Syncretic Religion and Colonized Spirituality in Soyinka's Aké

Jason L. Sperber '97.5, English 27 (1997)

An engúngún mask collected in northern Yorubaland in 1912; from the collection of the Berlin Museum für Volkerkunde; reproduced in Frank Willett, African Art, Thames and Hudson, 172.

The child's point of view given voice by young Wole illuminates the contradictions and adaptations inherent in the meeting of religions and spiritual belief systems in a colonial society. In an exchange with his friend Osiki, a non-Christian child from outside the parsonage, Wole's understanding of the Christian traditions of his family and the non-Christian beliefs of the surrounding townsfolk meld the two into a new creation.

The stained-glass window behind the altar of St Peter's church displayed the figures of three white men, dressed in robes which were very clearly engúngún robes. Their faces were exposed, which was very unlike our own egúngún, but I felt that this was something peculiar to the country from which those white people came. After all, Osiki had explained that there were many different kinds of engúngún. I sought his opinion on the three figures only to have Tinu interrupt.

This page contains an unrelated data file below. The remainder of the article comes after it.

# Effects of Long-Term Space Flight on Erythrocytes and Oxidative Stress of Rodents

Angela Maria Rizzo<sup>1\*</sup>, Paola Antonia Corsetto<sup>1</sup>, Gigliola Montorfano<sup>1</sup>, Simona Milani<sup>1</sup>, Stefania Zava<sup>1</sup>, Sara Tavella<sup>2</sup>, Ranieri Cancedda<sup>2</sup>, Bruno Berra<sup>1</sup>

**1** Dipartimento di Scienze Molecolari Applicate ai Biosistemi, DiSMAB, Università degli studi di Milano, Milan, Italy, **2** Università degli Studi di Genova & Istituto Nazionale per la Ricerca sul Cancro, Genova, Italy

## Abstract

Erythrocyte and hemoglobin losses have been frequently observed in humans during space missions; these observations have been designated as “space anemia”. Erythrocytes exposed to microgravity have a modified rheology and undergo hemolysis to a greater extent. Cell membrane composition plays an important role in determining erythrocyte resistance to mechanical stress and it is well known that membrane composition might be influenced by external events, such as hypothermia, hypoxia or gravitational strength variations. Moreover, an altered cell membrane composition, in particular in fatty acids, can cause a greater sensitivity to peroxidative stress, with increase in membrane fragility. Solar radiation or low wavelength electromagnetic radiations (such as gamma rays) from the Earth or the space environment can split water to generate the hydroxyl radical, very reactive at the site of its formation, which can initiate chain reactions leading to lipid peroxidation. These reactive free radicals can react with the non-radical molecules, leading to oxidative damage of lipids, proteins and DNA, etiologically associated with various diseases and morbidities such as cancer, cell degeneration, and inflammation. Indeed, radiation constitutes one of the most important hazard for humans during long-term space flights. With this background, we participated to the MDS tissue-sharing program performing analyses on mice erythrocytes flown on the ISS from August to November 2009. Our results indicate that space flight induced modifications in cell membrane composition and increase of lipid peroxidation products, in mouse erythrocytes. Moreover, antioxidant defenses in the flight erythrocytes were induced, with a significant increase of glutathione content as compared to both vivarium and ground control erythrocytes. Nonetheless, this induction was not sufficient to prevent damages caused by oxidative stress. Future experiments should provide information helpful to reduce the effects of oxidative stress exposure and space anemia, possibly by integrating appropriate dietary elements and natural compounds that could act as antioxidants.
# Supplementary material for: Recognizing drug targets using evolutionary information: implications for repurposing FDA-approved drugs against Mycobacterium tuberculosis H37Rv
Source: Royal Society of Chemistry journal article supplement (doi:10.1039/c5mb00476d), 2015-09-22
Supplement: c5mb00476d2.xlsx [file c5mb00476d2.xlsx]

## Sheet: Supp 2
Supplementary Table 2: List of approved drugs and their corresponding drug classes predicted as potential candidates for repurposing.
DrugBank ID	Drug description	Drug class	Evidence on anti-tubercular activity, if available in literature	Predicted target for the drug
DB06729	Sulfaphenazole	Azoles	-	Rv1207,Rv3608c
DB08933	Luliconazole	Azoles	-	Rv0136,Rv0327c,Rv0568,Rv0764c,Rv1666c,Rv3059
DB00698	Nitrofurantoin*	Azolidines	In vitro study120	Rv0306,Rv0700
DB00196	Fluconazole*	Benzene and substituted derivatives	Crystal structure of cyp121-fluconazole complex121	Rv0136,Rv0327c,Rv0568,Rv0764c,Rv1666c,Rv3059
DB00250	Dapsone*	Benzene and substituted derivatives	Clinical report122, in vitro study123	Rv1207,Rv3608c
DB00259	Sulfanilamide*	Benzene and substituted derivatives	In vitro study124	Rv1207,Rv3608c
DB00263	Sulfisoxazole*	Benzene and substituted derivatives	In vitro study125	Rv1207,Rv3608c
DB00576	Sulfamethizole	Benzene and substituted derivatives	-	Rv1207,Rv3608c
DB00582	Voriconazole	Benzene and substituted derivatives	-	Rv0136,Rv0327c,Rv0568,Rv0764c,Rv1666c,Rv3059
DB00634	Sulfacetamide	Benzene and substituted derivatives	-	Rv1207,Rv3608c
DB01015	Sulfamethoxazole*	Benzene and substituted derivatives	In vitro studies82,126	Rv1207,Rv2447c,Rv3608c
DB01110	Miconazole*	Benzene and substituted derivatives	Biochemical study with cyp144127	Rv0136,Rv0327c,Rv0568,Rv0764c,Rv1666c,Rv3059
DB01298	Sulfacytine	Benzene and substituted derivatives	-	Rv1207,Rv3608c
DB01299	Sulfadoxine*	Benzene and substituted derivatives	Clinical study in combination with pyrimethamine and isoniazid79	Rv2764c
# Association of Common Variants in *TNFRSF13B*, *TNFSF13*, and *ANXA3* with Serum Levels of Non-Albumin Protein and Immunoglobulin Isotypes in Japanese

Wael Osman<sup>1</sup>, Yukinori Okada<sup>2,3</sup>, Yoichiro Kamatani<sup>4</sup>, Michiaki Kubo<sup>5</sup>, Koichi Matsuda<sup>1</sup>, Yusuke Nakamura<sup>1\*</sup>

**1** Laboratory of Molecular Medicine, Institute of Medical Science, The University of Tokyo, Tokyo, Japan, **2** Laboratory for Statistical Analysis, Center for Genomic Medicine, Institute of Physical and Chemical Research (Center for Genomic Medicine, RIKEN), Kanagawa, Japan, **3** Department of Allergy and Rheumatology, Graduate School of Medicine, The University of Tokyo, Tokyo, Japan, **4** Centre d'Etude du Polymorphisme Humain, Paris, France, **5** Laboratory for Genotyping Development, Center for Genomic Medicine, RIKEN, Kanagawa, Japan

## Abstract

"They are not engúngún," she said, "those are pictures of two missionaries and one of St Peter himself."

"Then why are they wearing dresses like engúngún?"

"They are Christians, not masqueraders. Just let Mama hear you." (32-33)

Wole's assumption that these Christian figures, meeting two egúngún criteria of being dead and in robes, must be part of this non-Christian tradition arises from his position as a young child. However, his confusion and lack of understanding of the boundaries between the two belief systems underscores the adaptation and syncretic cultural production being performed by colonized people under a colonizer's political and cultural regime. Wole's age excuses his ignorance, but such mixtures of ideas and beliefs obviously shape the everyday life of both children and adults in Aké. Witness Wole's description of his Christian mother's claim that Wole's uncle Sanya is a supernatural being, and Wole's retelling of how the Rev. Ransome-Kuti drove off such beings into the woods, or how the egúngún destroyed a church. Wole's conflation of Christian icons and native ancestral spiritual figures, in such a context, becomes illustrative of how belief systems clash and meld in order to survive the colonial condition.